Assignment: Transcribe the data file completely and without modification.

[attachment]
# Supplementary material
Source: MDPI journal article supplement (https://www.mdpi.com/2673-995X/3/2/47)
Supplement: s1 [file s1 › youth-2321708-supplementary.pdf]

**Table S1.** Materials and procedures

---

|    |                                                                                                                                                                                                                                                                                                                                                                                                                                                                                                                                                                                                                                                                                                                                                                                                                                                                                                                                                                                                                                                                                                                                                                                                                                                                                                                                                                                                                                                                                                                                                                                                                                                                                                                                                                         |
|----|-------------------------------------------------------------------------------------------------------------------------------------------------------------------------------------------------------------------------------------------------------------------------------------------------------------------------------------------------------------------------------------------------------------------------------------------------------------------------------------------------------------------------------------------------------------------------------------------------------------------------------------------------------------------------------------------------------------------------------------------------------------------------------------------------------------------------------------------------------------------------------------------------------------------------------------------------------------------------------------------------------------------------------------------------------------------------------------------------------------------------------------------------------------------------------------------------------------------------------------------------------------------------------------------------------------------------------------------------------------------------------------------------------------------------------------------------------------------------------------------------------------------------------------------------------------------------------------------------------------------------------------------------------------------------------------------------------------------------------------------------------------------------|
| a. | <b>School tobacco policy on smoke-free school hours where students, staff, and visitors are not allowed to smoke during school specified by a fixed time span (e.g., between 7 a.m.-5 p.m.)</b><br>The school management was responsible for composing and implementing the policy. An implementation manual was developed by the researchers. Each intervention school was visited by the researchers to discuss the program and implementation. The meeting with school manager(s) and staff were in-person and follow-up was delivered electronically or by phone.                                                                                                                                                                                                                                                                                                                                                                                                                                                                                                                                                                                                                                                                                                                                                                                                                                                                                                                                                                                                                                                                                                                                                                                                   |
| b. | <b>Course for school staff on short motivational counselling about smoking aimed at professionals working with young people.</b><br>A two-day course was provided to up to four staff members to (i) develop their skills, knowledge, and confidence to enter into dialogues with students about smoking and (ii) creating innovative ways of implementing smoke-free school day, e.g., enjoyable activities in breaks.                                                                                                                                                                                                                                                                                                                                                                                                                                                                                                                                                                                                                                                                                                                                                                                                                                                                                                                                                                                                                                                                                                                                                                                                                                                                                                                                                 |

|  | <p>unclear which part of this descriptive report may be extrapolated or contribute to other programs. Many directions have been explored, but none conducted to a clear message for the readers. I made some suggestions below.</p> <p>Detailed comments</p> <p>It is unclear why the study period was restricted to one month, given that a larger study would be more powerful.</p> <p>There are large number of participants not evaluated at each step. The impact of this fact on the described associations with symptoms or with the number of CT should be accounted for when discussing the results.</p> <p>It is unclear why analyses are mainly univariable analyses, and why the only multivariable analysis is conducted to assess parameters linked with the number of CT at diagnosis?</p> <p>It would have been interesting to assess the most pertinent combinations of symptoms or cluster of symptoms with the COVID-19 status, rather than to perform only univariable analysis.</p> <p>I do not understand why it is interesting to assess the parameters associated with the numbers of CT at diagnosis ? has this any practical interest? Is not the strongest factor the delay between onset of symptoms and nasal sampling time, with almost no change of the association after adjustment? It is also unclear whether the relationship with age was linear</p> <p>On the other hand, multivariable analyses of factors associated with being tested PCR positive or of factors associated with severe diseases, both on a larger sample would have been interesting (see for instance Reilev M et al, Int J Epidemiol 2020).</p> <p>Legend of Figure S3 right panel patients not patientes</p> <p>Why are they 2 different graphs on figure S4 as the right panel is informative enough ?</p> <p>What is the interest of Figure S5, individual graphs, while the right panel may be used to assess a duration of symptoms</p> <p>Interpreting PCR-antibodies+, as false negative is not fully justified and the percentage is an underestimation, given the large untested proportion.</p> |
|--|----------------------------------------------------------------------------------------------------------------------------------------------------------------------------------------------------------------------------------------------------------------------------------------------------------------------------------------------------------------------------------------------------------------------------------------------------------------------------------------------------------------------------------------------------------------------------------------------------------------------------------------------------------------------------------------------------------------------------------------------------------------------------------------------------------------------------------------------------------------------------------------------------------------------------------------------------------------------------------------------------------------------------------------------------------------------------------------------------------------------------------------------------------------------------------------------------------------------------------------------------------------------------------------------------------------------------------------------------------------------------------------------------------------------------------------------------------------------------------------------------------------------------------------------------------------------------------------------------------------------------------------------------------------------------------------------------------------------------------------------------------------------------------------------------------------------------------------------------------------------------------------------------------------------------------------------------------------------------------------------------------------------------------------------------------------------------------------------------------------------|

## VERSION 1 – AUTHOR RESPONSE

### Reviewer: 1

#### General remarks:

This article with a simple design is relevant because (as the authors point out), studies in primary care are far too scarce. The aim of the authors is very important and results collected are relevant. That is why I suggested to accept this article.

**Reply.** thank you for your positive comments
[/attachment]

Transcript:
# Supplementary material
Source: MDPI journal article supplement (https://www.mdpi.com/2673-995X/3/2/47)
Supplement: s1 [file s1 › youth-2321708-supplementary.pdf]

**Table S1.** Materials and procedures

---

|    |                                                                                                                                                                                                                                                                                                                                                                                                                                                                                                                                                                                                                                                                                                                                                                                                                                                                                                                                                                                                                                                                                                                                                                                                                                                                                                                                                                                                                                                                                                                                                                                                                                                                                                                                                                         |
|----|-------------------------------------------------------------------------------------------------------------------------------------------------------------------------------------------------------------------------------------------------------------------------------------------------------------------------------------------------------------------------------------------------------------------------------------------------------------------------------------------------------------------------------------------------------------------------------------------------------------------------------------------------------------------------------------------------------------------------------------------------------------------------------------------------------------------------------------------------------------------------------------------------------------------------------------------------------------------------------------------------------------------------------------------------------------------------------------------------------------------------------------------------------------------------------------------------------------------------------------------------------------------------------------------------------------------------------------------------------------------------------------------------------------------------------------------------------------------------------------------------------------------------------------------------------------------------------------------------------------------------------------------------------------------------------------------------------------------------------------------------------------------------|
| a. | <b>School tobacco policy on smoke-free school hours where students, staff, and visitors are not allowed to smoke during school specified by a fixed time span (e.g., between 7 a.m.-5 p.m.)</b><br>The school management was responsible for composing and implementing the policy. An implementation manual was developed by the researchers. Each intervention school was visited by the researchers to discuss the program and implementation. The meeting with school manager(s) and staff were in-person and follow-up was delivered electronically or by phone.                                                                                                                                                                                                                                                                                                                                                                                                                                                                                                                                                                                                                                                                                                                                                                                                                                                                                                                                                                                                                                                                                                                                                                                                   |
| b. | <b>Course for school staff on short motivational counselling about smoking aimed at professionals working with young people.</b><br>A two-day course was provided to up to four staff members to (i) develop their skills, knowledge, and confidence to enter into dialogues with students about smoking and (ii) creating innovative ways of implementing smoke-free school day, e.g., enjoyable activities in breaks.                                                                                                                                                                                                                                                                                                                                                                                                                                                                                                                                                                                                                                                                                                                                                                                                                                                                                                                                                                                                                                                                                                                                                                                                                                                                                                                                                 |

|  | <p>unclear which part of this descriptive report may be extrapolated or contribute to other programs. Many directions have been explored, but none conducted to a clear message for the readers. I made some suggestions below.</p> <p>Detailed comments</p> <p>It is unclear why the study period was restricted to one month, given that a larger study would be more powerful.</p> <p>There are large number of participants not evaluated at each step. The impact of this fact on the described associations with symptoms or with the number of CT should be accounted for when discussing the results.</p> <p>It is unclear why analyses are mainly univariable analyses, and why the only multivariable analysis is conducted to assess parameters linked with the number of CT at diagnosis?</p> <p>It would have been interesting to assess the most pertinent combinations of symptoms or cluster of symptoms with the COVID-19 status, rather than to perform only univariable analysis.</p> <p>I do not understand why it is interesting to assess the parameters associated with the numbers of CT at diagnosis ? has this any practical interest? Is not the strongest factor the delay between onset of symptoms and nasal sampling time, with almost no change of the association after adjustment? It is also unclear whether the relationship with age was linear</p> <p>On the other hand, multivariable analyses of factors associated with being tested PCR positive or of factors associated with severe diseases, both on a larger sample would have been interesting (see for instance Reilev M et al, Int J Epidemiol 2020).</p> <p>Legend of Figure S3 right panel patients not patientes</p> <p>Why are they 2 different graphs on figure S4 as the right panel is informative enough ?</p> <p>What is the interest of Figure S5, individual graphs, while the right panel may be used to assess a duration of symptoms</p> <p>Interpreting PCR-antibodies+, as false negative is not fully justified and the percentage is an underestimation, given the large untested proportion.</p> |
|--|----------------------------------------------------------------------------------------------------------------------------------------------------------------------------------------------------------------------------------------------------------------------------------------------------------------------------------------------------------------------------------------------------------------------------------------------------------------------------------------------------------------------------------------------------------------------------------------------------------------------------------------------------------------------------------------------------------------------------------------------------------------------------------------------------------------------------------------------------------------------------------------------------------------------------------------------------------------------------------------------------------------------------------------------------------------------------------------------------------------------------------------------------------------------------------------------------------------------------------------------------------------------------------------------------------------------------------------------------------------------------------------------------------------------------------------------------------------------------------------------------------------------------------------------------------------------------------------------------------------------------------------------------------------------------------------------------------------------------------------------------------------------------------------------------------------------------------------------------------------------------------------------------------------------------------------------------------------------------------------------------------------------------------------------------------------------------------------------------------------------|

## VERSION 1 – AUTHOR RESPONSE

### Reviewer: 1

#### General remarks:

This article with a simple design is relevant because (as the authors point out), studies in primary care are far too scarce. The aim of the authors is very important and results collected are relevant. That is why I suggested to accept this article.

**Reply.** thank you for your positive comments